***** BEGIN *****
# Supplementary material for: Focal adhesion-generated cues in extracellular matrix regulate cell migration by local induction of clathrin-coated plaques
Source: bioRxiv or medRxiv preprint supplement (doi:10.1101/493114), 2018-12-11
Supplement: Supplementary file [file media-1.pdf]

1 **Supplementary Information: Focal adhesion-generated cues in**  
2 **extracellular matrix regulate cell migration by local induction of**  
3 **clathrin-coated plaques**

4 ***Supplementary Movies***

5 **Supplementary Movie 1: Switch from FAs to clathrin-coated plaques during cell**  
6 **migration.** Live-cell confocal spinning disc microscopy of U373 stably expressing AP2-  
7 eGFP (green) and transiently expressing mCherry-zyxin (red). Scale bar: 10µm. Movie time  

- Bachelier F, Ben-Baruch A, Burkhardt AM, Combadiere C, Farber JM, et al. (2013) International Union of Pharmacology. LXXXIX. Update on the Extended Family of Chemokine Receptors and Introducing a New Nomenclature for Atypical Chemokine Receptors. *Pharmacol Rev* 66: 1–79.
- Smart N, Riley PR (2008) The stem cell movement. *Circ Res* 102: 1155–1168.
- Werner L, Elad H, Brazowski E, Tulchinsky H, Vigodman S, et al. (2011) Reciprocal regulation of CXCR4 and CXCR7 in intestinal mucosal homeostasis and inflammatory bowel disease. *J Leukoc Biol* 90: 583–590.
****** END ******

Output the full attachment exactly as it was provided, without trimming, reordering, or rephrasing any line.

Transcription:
# Supplementary material for: Focal adhesion-generated cues in extracellular matrix regulate cell migration by local induction of clathrin-coated plaques
Source: bioRxiv or medRxiv preprint supplement (doi:10.1101/493114), 2018-12-11
Supplement: Supplementary file [file media-1.pdf]

1 **Supplementary Information: Focal adhesion-generated cues in**  
2 **extracellular matrix regulate cell migration by local induction of**  
3 **clathrin-coated plaques**

4 ***Supplementary Movies***

5 **Supplementary Movie 1: Switch from FAs to clathrin-coated plaques during cell**  
6 **migration.** Live-cell confocal spinning disc microscopy of U373 stably expressing AP2-  
7 eGFP (green) and transiently expressing mCherry-zyxin (red). Scale bar: 10µm. Movie time  

- Bachelier F, Ben-Baruch A, Burkhardt AM, Combadiere C, Farber JM, et al. (2013) International Union of Pharmacology. LXXXIX. Update on the Extended Family of Chemokine Receptors and Introducing a New Nomenclature for Atypical Chemokine Receptors. *Pharmacol Rev* 66: 1–79.
- Smart N, Riley PR (2008) The stem cell movement. *Circ Res* 102: 1155–1168.
- Werner L, Elad H, Brazowski E, Tulchinsky H, Vigodman S, et al. (2011) Reciprocal regulation of CXCR4 and CXCR7 in intestinal mucosal homeostasis and inflammatory bowel disease. *J Leukoc Biol* 90: 583–590.